All of the Mississippian limestone sampled from the Alabama Confederate Monument, as well as most of the limestone found in Indiana, are calcarenites. They are all similar in a general way in that they all originally consisted of well sorted sand and show textural evidence of cementation. However, they vary in terms of (1) the abundances of different types of fossils, (2) the amount of compaction they show, and (3) the textures of the cements they contain.
More specifically, a close look at the samples taken from the base, or lower section, of the Confederate Monument in comparison with the upper section limestone of the Confederate Monument with a polarizing microscope reveals a clear difference between these two rocks in terms of both fossils and cement.
The samples from the upper part of the Confederate Monument (e.g. sample CM-3 illustrated above) have a fair abundance of sand grains derived from crinoids, which are known informally as “sea lilies.”
Crinoids were animals whose living relatives include sand dollars and sea urchins, and one thing these organisms all have in common is that they make their “shells” out of an interlocking mosaic of large crystals. The shapes of these crystals vary quite a bit; some are shaped like checkers or millstones, others are V-shaped or more irregular. Although they vary in shape, the fact that they are large single crystals sets them apart; the shells of other types of organisms are always made of finer crystals.
Under the microscope, these large crystals are easy to spot because they appear as large patches that are relatively clear except for dusty inclusions, whereas the shell crystals of other types of organisms such as corals, clams, and bryozoans are quite dark by comparison. The large crinoid crystals are common in samples of Indiana limestone. In contrast, crinoids are relatively scarce in the calcarenite sample from the base of the Confederate Monument Illustration No. 2 (sample CM-1) known to be Alabama limestone whereas, here, other types of fossils are more abundant.
This difference in the relative abundance and size of the fossils in these two illustrated calcarenites also had a big influence on the type and abundance of cement they contain. When cement crystals start growing from scratch, they typically form as tiny crystals so that many are present in each pore and the crystals bump into one another before they get a chance to grow very large. However, when a large crystal like a crinoid is already present, new material can be added directly on to it (like adding legos onto a basal template instead of trying to organize them individually on a rug), so any crystals that were large to begin with get even larger. In limestone, crinoids are the only type of grain that can provide large seeds to serve as templates for cement crystals to grow on, so the pores in calcarenites rich in crinoid particles tend to get filled with large, clean crystals of calcite instead of tiny crystals resembling mini-geodes. This effect is clearly evident in the samples form the Confederate Monument. The samples from the upper part of the Confederate Monument (e.g., CM-3) with abundant crinoid grains have cement crystals that are much larger and clearer than those filling the pores of the crinoid-poor calcarenite from the base of the Confederate Monument (CM-1) in which other types of fossils are much more abundant.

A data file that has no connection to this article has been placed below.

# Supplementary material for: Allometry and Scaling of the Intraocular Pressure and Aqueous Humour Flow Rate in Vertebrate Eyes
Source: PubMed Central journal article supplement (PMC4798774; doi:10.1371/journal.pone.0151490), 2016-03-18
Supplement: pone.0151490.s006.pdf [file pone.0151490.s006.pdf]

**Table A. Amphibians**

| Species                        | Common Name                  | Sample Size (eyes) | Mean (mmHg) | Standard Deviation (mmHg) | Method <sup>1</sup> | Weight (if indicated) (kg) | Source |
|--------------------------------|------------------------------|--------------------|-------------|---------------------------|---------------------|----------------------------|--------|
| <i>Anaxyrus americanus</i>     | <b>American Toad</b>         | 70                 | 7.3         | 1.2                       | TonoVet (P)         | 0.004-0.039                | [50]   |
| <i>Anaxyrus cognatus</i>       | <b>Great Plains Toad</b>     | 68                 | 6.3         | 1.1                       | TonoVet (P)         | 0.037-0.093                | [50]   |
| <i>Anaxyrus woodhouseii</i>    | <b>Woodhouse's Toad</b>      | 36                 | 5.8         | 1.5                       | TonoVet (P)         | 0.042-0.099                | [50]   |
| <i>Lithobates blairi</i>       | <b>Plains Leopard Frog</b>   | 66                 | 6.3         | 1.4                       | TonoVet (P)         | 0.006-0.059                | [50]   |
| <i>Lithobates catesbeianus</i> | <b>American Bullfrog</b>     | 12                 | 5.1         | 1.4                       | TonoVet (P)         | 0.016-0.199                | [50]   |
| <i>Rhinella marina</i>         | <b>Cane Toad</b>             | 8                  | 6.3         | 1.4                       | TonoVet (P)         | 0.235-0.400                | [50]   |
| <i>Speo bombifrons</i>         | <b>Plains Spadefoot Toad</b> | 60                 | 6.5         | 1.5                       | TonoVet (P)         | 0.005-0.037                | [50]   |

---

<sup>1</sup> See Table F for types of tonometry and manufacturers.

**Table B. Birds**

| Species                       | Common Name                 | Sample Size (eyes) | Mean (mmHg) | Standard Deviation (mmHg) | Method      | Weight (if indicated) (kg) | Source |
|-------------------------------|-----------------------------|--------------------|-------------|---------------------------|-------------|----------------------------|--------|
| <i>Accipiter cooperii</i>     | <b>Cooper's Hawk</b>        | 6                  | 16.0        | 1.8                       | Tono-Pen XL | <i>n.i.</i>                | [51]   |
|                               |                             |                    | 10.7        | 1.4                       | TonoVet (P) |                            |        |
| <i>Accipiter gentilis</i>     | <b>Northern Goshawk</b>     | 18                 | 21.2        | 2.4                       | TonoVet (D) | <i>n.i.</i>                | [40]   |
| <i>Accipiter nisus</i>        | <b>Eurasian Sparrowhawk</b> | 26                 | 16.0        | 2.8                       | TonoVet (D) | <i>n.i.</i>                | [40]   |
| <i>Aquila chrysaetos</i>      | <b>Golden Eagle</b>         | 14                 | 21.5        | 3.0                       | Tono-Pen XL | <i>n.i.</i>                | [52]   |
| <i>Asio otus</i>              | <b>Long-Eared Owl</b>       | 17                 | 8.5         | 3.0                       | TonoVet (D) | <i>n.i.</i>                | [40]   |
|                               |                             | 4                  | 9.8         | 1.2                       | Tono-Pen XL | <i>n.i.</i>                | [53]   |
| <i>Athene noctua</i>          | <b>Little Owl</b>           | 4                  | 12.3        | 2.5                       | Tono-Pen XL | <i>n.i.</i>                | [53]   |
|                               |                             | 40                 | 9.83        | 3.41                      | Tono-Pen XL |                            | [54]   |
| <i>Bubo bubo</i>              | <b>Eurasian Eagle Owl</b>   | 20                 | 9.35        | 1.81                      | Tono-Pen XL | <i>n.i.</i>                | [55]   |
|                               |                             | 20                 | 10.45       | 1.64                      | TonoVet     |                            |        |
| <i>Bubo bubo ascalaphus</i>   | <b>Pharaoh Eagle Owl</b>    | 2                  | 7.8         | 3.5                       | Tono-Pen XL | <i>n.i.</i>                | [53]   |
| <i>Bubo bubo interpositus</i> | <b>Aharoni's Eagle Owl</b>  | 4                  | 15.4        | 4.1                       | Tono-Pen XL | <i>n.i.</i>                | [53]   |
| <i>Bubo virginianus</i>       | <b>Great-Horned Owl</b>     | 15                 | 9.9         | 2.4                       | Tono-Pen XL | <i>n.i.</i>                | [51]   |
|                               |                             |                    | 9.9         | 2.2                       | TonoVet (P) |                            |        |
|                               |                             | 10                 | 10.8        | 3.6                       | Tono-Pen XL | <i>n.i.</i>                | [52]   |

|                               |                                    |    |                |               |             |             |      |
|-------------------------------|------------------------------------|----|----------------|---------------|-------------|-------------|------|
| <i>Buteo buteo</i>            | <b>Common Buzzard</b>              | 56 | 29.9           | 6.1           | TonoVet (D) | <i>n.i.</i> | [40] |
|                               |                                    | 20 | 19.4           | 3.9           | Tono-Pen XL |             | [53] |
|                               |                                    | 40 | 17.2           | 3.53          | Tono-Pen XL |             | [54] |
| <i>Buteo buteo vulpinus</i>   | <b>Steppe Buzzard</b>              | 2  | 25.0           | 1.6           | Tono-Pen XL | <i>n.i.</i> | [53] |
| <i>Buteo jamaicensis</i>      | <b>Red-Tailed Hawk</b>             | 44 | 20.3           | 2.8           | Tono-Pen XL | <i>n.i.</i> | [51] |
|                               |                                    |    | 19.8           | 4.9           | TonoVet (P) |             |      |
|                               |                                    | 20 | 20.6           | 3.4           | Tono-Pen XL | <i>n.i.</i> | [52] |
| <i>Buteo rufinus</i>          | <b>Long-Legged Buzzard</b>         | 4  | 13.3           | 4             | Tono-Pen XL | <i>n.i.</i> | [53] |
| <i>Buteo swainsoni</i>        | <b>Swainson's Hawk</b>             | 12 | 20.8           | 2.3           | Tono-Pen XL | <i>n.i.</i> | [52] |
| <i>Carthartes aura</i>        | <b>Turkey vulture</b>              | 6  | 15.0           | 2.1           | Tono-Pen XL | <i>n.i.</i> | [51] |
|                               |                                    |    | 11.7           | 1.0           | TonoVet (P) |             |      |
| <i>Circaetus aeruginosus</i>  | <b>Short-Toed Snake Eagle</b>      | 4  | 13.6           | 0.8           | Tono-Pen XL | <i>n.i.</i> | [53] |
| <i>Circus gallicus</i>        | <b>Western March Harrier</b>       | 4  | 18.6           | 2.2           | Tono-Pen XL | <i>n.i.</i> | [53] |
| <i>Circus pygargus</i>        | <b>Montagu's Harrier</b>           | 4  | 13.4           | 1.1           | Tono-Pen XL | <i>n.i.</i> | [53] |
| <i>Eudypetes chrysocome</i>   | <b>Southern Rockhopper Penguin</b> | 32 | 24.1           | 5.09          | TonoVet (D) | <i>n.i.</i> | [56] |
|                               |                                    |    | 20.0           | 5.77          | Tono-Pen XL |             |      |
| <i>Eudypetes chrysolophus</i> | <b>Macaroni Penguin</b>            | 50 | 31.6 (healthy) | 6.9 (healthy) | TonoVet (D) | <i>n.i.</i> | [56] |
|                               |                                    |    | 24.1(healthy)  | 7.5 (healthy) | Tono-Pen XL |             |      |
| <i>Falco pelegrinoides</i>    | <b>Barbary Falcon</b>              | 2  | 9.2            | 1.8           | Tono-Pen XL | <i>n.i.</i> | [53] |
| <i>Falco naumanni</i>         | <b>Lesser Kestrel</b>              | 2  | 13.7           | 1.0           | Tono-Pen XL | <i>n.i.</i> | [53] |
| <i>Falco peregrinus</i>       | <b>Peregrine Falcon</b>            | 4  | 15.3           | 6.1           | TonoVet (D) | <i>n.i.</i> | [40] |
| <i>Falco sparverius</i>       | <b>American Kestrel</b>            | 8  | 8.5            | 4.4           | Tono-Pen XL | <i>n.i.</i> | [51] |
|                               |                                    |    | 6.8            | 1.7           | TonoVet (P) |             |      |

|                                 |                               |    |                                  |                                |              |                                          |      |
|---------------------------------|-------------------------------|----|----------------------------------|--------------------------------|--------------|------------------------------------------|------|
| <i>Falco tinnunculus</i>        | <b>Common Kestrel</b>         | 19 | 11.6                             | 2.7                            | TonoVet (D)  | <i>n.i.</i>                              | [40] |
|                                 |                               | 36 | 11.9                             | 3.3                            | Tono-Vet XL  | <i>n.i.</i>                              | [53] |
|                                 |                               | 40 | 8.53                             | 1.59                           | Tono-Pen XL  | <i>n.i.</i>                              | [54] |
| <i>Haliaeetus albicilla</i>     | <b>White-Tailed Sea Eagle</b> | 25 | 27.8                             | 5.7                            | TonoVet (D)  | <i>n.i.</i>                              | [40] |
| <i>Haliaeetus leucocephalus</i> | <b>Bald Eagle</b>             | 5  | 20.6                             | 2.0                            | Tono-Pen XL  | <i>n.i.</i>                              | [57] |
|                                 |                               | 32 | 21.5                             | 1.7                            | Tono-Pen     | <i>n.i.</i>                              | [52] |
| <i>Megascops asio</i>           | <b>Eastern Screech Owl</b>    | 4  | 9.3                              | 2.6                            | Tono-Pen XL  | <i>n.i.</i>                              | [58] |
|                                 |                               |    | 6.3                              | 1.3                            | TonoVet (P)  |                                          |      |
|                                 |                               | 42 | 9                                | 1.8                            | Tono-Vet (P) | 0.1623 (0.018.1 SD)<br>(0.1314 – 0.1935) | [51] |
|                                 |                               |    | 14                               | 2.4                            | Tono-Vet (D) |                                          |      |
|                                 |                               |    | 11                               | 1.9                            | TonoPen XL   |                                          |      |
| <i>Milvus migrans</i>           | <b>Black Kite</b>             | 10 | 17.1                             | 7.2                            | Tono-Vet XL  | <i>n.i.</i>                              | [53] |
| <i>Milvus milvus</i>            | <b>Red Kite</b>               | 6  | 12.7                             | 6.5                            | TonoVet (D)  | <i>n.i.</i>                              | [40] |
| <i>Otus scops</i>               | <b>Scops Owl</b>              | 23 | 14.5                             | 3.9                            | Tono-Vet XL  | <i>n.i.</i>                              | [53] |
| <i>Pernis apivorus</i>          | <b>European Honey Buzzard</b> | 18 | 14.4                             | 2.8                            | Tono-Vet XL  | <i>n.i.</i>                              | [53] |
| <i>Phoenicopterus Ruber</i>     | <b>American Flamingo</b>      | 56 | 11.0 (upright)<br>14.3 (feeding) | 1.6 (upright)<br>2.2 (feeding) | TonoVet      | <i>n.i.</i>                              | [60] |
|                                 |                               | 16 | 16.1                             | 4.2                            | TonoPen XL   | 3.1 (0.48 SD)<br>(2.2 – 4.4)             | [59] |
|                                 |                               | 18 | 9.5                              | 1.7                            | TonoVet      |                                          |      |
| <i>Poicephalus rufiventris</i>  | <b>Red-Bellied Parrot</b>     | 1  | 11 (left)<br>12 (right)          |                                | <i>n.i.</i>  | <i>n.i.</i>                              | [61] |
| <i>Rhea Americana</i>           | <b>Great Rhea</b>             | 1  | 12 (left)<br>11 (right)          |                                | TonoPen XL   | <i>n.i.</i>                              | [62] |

The same correlation between an abundance of crinoid grains and large cement crystals is also evident in the calcarenite samples from the quarries of Indiana. Like the samples from the upper section of the Confederate Monument, (see Illustration No. 1 (CM-3)), a calcarenite sample taken from Indiana Illustration No. 3 (IN-11) is rich in pieces of crinoid fossils and therefore has large clear cement crystals filling the spaces where the pores used to be. The sediment looks a little different because the sand grains in sample IN-11 were slightly larger than those in CM-3, but the basic textural elements are very similar.
In contrast to Indiana limestone illustrated in sample IN-11 , crinoid pieces are rather scarce in the calcarenite from a sample of stone at the Russellville quarry IIlustration No. 4 (CM-4), so like the sample illustrated previously from the base of the Confederate Monument (CM-1), the former pores in Russellville sourced limestone are filled largely with tiny crystals of calcite instead of big clean crystals.
In summary, a preliminary examination of the textures of the calcarenites support the suggestion that the limestone sampled in the upper section of the Confederate Monument came from Indiana limestone whereas those at the base came from Alabama limestone.
A note of caution is necessary. Sediments are by their nature very heterogeneous, so the textural match between samples from the base and upper section of the Confederate Monument with limestones collected in Alabama and Indiana respectively does not prove beyond a doubt that the upper blocks were quarried in Indiana. The strata in the Russellville quarry are probably somewhat heterogeneous, and so it is possible that there could be a layer there with textures like those in the upper blocks of the Confederate Monument. Since the layers in the limestone of both Indiana and Alabama are relatively flat and undisturbed, so this could probably be determined fairly easily by sampling the layers exposed in the quarry. However, if the samples available are representative of all of the layers in the quarry, it would seem that the calcarenites in the upper section of the Confederate Monument are a much better match for stone from Indiana than for stone from the Russellville Alabama quarry based on the textures they show under the microscope.